11.10.2016 – 11.12.2016 || Kyoto|| Japan
We spent a total of 6 nights, 7 days in Japan but I will be breaking it into two parts to cover Tokyo and Kyoto separately.
After three full days of sightseeing and amazing food finds in Tokyo we set off for Kyoto. One of the reasons that we purchased a JR rail pass in advance was to travel between Tokyo and Kyoto on the Shinkansen or the bullet train. (See tip below). The trip is approximately 2 hours and 20 minutes. Be sure to secure a seat on the right-hand side of the train for a view of Mount Fuji (in the back middle portion of the picture below) a little under an hour after leaving Tokyo.
The best things to do in Kyoto are reserved for those willing to walk. I think we were up for the challenge after covering 37 miles over three days in Tokyo. This is the most walking we’ve racked up on a trip to date. We planned to check out The Path of Philosophy, Fushimi inari taisha shrine, Kinkaku-ji Temple, and Gion while leaving the rest of the time open to add activities or simply take it all in.
We arrived at the Kyoto train station around noon and went in search of the hotel shuttle bus. As a frequent business traveler I was able to use points for our stay at the Westin Miyako Kyoto. The hotel was a bit of a drive from the center but it was conveniently located near The Path of Philosophy and public transportation was easily accessible, including the train station shuttle.
We dropped our luggage off at the hotel and set out to explore The Path of Philosophy, a pedestrian path that is approximately 2 kilometers long and passes several temples and shrines. We started at the south end due to the proximity to the Westin. The first temple that we visited was Nanzen-ji, a Zen Buddist temple.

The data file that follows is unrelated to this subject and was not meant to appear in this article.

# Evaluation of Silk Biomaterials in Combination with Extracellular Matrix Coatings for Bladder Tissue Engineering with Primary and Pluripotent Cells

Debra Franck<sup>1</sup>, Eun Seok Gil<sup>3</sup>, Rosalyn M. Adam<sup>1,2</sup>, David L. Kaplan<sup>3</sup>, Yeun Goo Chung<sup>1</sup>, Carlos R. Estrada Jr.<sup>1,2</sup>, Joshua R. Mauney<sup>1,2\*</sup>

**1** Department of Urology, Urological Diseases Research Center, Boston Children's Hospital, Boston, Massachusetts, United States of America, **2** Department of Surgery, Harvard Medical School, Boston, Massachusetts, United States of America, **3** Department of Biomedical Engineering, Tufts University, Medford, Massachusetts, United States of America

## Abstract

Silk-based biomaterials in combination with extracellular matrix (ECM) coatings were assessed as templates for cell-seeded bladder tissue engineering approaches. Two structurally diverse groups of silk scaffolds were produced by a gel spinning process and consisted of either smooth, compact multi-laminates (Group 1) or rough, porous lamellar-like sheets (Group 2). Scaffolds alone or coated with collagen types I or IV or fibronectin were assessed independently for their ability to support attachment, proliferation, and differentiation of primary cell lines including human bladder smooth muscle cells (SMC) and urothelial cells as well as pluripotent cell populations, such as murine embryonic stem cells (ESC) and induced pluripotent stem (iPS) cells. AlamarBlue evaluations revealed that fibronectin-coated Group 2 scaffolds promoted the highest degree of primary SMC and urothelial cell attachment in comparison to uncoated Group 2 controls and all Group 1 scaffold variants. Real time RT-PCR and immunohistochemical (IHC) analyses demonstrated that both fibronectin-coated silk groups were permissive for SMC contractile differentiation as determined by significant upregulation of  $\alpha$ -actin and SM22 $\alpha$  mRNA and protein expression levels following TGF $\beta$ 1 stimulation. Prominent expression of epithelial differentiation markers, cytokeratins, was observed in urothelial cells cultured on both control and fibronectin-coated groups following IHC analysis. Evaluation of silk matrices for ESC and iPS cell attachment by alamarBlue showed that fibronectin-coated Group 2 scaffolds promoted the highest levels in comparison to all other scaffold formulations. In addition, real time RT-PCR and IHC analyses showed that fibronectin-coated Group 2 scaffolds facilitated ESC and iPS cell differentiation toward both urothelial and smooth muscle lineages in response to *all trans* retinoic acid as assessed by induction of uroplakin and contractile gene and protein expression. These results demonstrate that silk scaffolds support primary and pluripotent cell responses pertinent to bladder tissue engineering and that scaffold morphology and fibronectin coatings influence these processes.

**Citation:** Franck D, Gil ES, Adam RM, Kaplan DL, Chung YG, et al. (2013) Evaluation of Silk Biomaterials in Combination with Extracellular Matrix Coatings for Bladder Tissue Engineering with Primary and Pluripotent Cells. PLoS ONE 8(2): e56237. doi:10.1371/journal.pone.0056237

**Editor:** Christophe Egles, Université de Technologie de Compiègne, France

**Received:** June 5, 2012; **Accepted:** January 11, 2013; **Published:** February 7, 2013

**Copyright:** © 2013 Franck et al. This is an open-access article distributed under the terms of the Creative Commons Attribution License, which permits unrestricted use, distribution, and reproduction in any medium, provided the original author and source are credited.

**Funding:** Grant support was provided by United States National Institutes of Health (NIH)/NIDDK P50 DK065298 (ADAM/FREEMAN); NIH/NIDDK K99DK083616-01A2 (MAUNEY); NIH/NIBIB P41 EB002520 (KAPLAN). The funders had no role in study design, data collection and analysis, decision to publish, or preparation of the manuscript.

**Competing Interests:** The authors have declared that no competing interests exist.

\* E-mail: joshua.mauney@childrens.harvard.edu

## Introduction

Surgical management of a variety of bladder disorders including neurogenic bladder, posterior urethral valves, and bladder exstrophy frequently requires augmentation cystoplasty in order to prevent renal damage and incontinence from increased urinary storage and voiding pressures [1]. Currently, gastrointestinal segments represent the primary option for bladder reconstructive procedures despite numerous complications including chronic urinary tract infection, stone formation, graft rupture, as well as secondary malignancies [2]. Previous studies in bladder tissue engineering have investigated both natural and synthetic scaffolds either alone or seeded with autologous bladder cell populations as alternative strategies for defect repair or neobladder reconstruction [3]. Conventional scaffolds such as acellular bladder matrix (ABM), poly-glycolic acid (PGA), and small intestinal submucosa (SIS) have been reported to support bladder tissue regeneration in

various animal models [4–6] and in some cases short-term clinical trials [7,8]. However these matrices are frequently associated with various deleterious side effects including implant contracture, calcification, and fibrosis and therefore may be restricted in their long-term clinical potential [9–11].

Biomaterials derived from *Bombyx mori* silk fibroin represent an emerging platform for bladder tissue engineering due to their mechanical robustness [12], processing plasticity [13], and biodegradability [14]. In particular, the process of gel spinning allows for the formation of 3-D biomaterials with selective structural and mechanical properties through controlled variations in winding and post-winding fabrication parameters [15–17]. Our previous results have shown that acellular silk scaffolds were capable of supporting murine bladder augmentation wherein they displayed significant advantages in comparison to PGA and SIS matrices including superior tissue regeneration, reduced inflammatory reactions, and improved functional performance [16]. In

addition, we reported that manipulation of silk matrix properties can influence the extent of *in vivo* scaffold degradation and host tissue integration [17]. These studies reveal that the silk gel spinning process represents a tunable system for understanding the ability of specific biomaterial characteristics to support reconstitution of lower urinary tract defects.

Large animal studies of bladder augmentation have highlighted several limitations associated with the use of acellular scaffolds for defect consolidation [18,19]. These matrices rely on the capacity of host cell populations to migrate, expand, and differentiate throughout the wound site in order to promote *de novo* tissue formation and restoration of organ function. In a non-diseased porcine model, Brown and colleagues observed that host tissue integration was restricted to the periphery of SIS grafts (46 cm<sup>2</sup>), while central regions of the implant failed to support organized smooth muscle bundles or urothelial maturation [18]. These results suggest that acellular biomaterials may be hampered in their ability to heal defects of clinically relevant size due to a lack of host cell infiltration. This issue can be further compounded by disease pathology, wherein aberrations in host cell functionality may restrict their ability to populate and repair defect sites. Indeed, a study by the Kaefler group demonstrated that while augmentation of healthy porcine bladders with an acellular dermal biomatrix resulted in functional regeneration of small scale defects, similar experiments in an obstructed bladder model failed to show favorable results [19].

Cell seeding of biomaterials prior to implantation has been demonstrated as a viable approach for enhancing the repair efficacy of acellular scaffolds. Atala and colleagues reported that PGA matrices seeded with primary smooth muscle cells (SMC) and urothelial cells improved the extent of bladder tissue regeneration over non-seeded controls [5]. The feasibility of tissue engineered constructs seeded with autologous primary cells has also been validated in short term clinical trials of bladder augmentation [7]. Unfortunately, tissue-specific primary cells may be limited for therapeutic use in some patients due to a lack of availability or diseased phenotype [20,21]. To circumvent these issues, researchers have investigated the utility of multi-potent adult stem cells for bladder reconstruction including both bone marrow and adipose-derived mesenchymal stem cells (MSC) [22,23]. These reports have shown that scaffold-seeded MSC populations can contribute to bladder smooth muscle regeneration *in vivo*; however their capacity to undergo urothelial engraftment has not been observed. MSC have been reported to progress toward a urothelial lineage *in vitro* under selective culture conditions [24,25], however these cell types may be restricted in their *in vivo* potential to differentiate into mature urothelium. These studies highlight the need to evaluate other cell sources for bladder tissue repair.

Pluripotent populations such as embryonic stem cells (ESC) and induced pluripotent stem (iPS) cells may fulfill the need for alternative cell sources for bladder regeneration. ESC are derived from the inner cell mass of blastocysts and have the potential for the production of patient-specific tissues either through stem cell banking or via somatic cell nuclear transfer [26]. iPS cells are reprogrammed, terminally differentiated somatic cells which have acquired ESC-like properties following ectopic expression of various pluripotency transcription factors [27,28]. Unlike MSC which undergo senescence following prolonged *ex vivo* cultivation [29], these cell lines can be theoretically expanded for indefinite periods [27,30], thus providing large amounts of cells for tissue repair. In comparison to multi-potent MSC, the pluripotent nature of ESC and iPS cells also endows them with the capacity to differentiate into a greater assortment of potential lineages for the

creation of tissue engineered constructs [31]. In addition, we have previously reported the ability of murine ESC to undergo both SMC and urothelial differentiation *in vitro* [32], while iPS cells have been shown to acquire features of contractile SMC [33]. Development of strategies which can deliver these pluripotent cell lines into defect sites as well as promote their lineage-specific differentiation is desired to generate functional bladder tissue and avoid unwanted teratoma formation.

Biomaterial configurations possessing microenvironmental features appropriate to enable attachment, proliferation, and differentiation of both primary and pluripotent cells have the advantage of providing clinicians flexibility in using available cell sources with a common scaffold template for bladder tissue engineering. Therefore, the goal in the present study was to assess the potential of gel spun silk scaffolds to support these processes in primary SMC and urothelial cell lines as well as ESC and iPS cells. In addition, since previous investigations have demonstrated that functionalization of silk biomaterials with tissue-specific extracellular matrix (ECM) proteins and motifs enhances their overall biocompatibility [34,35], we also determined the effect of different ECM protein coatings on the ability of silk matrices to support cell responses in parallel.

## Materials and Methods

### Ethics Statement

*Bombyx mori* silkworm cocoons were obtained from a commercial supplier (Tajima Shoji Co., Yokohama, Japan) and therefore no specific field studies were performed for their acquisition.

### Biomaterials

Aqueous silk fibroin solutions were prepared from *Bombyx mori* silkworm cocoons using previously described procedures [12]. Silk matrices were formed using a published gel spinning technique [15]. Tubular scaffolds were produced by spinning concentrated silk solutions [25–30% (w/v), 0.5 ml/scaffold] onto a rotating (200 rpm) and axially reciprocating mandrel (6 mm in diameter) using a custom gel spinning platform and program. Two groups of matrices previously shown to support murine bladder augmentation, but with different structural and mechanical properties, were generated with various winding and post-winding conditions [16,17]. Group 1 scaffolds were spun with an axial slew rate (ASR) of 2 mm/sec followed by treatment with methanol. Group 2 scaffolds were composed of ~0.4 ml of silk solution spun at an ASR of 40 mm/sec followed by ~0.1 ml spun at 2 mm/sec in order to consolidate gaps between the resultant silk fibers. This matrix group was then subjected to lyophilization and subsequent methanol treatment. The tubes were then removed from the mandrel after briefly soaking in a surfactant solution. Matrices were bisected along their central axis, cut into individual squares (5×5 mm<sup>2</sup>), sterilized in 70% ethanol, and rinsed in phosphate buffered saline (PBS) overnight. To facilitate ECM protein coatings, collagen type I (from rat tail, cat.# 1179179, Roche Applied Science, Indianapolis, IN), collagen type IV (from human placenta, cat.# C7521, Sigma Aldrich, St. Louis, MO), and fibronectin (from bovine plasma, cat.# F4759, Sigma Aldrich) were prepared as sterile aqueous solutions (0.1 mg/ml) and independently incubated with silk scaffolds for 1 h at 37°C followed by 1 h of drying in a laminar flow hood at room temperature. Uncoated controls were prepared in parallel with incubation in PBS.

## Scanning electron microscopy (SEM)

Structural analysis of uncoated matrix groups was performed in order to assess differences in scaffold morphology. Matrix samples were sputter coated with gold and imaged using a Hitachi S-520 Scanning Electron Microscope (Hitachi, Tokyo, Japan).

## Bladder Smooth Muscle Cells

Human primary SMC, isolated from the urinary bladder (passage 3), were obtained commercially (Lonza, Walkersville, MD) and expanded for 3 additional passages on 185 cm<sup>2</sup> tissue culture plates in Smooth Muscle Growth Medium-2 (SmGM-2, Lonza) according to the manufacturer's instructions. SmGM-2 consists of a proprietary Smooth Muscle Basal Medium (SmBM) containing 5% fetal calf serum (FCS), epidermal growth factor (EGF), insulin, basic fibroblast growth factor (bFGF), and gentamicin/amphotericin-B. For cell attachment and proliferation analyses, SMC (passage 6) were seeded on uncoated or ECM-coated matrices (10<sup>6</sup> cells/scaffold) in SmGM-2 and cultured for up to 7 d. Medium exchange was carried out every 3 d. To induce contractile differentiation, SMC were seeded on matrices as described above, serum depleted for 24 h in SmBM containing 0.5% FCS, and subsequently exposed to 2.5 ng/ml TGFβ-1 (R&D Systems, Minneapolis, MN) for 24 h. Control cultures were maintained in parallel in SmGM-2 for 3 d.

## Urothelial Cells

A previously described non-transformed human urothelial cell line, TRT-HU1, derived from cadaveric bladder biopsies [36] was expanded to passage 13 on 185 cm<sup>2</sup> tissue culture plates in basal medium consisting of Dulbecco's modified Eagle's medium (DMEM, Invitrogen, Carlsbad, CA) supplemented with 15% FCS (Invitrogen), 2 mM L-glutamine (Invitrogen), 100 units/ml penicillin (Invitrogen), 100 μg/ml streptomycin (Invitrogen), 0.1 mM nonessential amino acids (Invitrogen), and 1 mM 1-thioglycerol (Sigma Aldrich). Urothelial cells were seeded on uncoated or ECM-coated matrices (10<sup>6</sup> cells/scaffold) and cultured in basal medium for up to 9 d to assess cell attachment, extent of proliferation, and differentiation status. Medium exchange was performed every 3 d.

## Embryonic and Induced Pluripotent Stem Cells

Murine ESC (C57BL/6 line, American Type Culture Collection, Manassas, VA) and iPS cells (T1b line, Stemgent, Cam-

We didn’t spend a ton of time at Nanzen-ji since it was already after 2 p.m. and we planned to visit a couple more temples before the sun set in the five o’clock hour. It takes approximately 30 minutes to walk the entire path but given a couple of stops it could take a few hours so we had to hustle before we ran out of daylight.
We paid to tour two temples along the path. The first one that we entered is called Eikan-do temple. The first building that you see is brightly decorated and has a small rock garden next to it.
Eikan-do is even more colorful in the Fall as the trees are all brightly colored, too.
Despite needing to hustle, we decided to sit down and enjoy the view at one of the ponds while having a snack and green tea. I can’t remember what we ordered but the items on the sticks were chewy rice flour treats.
After devouring the snacks and wishing I had a selfie stick, we headed back to the path and made our way towards the north end. We found our way to Ginkaku-ji temple and paid to enter. It was first a retirement villa in the 1400s and then turned into a Zen temple. There was an impressive rock garden near the entrance.
A path takes you through moss gardens and past streams before offering a view of the expansive grounds and the city in the distance.
We exited the path at the north end, and not knowing any better, we took a longer less scenic route back to the hotel. It was close to dinner time so we headed to Ippudo Ramen where we waited in the street until a table was available. There are a couple locations in NYC so we don’t have to travel quite as far for our next bowl of Ippudo ramen.
After dinner we headed to a sake bar called Yoramu. Sake is the main event here and all about the experience at this cozy bar for maybe ten people max. I enjoyed the opportunity to learn about the different varieties and sampled a couple but I still like the pretty labels and different glassware more than sake itself. I much prefer champagne or wine, however, my travel partner quite enjoyed the sake lessons and found a couple that he liked so it was a success! Highly recommend seeking this place out in Kyoto if you like sake!
The next day we had quite a few sights on the agenda so we got up bright and early and headed to the Fushimi inari taisha shrine. We were hoping to beat the crowds but many others had the same idea.
The shrine has thousands of red/orange gates that span ~4 kilometers up a mountain.